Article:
updated 07:15 pm EDT, Fri August 5, 2011
Epic Games sees iPhone catching future game rigs
The performance of the iPhone and other smartphones is growing rapidly enough that they might obviate the need for a future Xbox or other consoles, Epic Games' president Mike Capps opined in an interview late this week. Apple's hardware was accelerating fast enough that it was likened for Industry Gamers to the problems with hardware spread that previously affected just computers. At the rate smartphones like these were developing, developers not only had to hit a moving target but might see the speed advance quickly enough that phones could replace consoles.
"Your iPhone 8 will probably plug into your TV, or better yet, wirelessly connect to your television set to give you that big screen gaming experience with good sound," Capps explained. "So really, what's the point of those next-gen consoles? It's a very interesting situation to be looking at. That's what we're starting to think about more... not how do we scale from some Nintendo platform to some other future console."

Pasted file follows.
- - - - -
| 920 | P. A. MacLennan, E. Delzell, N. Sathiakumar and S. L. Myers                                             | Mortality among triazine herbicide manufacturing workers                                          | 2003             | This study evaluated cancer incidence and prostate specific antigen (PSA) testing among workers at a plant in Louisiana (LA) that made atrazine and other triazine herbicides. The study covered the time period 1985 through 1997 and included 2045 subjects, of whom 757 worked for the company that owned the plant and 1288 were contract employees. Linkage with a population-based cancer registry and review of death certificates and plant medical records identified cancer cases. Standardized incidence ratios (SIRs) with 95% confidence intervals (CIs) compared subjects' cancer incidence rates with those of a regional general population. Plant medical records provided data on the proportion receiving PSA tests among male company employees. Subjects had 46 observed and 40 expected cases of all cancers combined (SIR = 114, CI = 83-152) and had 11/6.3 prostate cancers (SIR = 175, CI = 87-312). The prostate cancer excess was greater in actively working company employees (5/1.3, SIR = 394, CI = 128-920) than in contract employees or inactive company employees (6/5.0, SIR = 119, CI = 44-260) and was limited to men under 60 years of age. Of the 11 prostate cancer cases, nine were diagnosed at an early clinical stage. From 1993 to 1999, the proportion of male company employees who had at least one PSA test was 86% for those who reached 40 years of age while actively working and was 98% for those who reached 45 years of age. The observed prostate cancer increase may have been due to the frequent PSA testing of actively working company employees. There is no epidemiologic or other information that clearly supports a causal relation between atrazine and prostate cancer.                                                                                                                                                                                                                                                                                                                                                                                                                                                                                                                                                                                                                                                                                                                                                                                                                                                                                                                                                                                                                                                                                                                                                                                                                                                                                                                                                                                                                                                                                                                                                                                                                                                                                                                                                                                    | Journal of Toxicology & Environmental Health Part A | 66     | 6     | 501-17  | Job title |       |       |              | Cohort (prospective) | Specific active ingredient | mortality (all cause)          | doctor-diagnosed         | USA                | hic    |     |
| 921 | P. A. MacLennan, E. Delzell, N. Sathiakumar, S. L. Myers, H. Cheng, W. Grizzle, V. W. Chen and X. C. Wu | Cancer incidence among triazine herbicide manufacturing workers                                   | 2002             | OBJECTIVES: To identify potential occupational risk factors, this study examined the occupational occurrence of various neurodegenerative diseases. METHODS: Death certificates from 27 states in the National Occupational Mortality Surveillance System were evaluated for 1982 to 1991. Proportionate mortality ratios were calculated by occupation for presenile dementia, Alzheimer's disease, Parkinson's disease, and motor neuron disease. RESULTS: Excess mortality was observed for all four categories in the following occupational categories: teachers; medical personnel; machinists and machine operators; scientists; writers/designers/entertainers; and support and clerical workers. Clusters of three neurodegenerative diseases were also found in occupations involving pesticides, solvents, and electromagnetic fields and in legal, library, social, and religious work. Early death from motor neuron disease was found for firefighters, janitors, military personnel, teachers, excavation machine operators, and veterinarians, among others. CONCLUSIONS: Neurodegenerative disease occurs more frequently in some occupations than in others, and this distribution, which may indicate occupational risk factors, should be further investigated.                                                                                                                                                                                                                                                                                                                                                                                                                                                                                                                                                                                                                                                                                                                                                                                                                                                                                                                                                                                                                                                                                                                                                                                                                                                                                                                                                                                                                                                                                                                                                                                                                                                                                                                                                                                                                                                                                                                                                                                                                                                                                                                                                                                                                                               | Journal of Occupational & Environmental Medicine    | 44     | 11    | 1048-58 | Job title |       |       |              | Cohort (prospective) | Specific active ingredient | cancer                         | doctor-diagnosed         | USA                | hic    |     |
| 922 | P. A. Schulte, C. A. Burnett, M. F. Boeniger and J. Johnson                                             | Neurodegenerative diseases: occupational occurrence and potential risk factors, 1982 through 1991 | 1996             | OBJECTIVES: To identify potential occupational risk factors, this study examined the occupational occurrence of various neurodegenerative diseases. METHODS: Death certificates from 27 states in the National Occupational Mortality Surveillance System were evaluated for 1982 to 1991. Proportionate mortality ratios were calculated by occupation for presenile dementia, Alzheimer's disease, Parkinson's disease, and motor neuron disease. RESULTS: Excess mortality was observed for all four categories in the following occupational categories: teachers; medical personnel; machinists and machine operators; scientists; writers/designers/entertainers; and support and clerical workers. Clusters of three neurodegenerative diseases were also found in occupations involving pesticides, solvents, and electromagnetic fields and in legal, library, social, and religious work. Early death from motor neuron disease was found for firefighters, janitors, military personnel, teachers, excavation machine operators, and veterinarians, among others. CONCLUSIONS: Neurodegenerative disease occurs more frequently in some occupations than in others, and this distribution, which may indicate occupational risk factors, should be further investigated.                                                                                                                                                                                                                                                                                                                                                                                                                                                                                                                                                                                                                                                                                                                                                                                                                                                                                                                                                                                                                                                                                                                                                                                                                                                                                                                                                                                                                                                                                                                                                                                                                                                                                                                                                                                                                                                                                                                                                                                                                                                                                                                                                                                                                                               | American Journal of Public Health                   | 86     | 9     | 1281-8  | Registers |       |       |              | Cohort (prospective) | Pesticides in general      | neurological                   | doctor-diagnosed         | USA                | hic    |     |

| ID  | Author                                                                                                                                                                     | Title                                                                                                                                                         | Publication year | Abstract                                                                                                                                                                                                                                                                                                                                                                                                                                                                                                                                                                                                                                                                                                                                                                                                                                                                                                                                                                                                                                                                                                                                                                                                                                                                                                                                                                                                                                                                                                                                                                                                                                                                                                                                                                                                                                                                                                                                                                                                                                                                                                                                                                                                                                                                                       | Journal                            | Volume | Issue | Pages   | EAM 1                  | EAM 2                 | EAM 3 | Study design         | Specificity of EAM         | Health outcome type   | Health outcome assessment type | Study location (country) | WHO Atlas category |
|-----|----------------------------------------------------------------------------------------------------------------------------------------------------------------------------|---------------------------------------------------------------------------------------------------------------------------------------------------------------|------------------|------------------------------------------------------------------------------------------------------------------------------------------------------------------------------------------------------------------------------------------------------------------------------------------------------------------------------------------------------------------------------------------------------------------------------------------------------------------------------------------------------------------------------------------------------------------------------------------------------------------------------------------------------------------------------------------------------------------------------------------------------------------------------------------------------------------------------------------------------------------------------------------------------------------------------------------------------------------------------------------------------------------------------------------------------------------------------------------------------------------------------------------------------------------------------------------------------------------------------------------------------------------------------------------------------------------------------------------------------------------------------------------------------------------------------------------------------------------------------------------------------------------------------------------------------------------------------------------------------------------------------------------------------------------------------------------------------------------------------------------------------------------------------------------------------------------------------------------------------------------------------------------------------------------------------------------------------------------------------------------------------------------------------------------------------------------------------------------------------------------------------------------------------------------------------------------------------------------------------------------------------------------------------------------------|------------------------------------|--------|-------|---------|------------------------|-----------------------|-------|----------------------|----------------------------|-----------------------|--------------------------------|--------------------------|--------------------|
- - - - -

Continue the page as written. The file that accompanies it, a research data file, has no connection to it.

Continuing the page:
He imagined that a smartphone would very likely outrun an Xbox 360. Sony has already shown that the PlayStation Vita, which uses a quad-core processor like those that will show in phones and tablets next year, is nearly as fast as a PlayStation 3.
Some games have already been testing the concept of using a mobile device to power a more TV-like console experience, such as Real Racing 2 HD or The Incident, but the performance of current phones is still such that they can't replicate the console experience. Raw graphics performance is often the issue, but a lack of game-friendly controllers and too much lag for wireless has limited the utility.
Regardless of their immediate impact, phones and tablets are already having an impact on traditional gaming. While insisting on saying the issue was strictly internal, Nintendo cut the 3DS price by $80 in a move that many see as an acknowledgement that Apple was cannibalizing its mobile gaming share. Dedicated gaming handhelds have been hurt both by far cheaper games on the iPhone but also by convergence, where fewer now want to carry a gaming system at the same time as a phone or MP3 player.